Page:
Many martial arts have manuals that are visual tools that please the visual learner – but could they be read aloud to assist the auditory learner? How is the instruction on the video communicated? When one does a public exhibition, how are they working with the crowd? How does one adjust their demonstrations, and interaction with students? This is the level of education, and organization their presentation, that a teacher must think of. When a teacher thinks of a student’s cone of experience, and their communication, they can begin to radically alter the student’s perception of education. Within Pramek, we look to a version of the CoE that is more geared toward the conceptual learning method.
In Pramek, we must look at the general methods of learning a topic such as martial art, health and fitness, etc. The student is taken through all phases of the CoE, leading to a more thorough, in-depth method of instruction that gets results. This is the only way that the overall CLM is operational, and why it works.
When the EPL and DPT are viewed from the outside, it seems to be a difficult method of learning. But, viewed through the CoE, one begins to see that scientifically, all of the styles of learning are held within the EPL and DPT…that the Cone of Experience is worked through in a progressive, understandable way. This is why it is important for a teacher to not view a student as another dollar sign or a profile that is difficult to deal with, but as a challenge to be accepted and worked with in the classroom.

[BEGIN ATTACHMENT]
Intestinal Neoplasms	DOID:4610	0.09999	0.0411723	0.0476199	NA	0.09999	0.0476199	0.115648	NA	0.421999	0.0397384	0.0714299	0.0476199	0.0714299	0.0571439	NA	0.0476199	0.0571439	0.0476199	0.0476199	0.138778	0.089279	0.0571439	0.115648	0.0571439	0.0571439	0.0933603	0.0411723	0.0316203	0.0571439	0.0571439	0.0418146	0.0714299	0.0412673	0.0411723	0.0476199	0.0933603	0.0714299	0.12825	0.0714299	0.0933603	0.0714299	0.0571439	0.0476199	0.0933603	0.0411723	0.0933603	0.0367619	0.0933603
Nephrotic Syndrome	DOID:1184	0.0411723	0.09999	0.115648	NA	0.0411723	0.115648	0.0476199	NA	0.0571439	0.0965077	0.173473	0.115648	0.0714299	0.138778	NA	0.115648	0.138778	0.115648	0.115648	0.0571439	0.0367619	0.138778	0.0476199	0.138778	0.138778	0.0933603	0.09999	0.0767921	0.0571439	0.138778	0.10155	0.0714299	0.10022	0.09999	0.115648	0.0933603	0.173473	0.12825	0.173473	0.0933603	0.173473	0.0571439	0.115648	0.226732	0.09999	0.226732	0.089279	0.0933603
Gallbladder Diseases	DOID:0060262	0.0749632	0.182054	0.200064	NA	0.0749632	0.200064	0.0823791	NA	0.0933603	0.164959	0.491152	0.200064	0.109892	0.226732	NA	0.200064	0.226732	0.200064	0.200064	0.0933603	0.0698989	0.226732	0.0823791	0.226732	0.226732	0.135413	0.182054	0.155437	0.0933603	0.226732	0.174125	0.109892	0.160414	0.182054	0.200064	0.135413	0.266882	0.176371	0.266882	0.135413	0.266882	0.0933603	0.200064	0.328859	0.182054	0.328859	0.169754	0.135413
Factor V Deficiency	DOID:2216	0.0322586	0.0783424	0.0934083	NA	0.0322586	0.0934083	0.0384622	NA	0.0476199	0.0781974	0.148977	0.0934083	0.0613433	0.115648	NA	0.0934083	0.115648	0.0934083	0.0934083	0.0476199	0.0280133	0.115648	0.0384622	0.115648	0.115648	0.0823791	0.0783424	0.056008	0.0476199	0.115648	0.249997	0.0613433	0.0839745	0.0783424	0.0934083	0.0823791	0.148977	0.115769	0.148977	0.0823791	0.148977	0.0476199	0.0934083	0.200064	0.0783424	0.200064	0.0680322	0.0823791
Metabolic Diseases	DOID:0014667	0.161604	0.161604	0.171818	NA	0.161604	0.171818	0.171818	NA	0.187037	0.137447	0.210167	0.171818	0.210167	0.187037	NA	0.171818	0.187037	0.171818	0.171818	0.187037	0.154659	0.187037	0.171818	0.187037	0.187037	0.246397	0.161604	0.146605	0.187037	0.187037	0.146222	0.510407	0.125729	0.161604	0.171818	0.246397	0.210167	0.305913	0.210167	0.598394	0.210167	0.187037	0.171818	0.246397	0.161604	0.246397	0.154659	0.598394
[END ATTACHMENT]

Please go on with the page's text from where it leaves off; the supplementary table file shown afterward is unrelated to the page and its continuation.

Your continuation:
- Talking Lead…
Matt is back on Talking Lead!
In this hilarious episode, Matt and Lefthand run the gamut with knife defense, spring break as kids, the nature of anger, and the new way to solve combat: rock, paper, scissors!
- Breaking Balance…
We not only broke balance, we broke the expectation of what a martial art product can be.
A PDF you can read, and watch, on your computer, laptop, Iphone, Samsung…it’s all here.
Take it mobile, learn on the run!
- A training abyss…
When you are no longer learning from a teache, coach, or trainer, it is very tough.
I write this article from a personal standpoint – I’ve been there with a system, and a teacher. It becomes like a bad relationship as resentment grows. It is common to say in gambling someone stayed at the table too long, usually resulting in the gambler losing money, when they should have simply stepped away from the table. They become invested psychologically.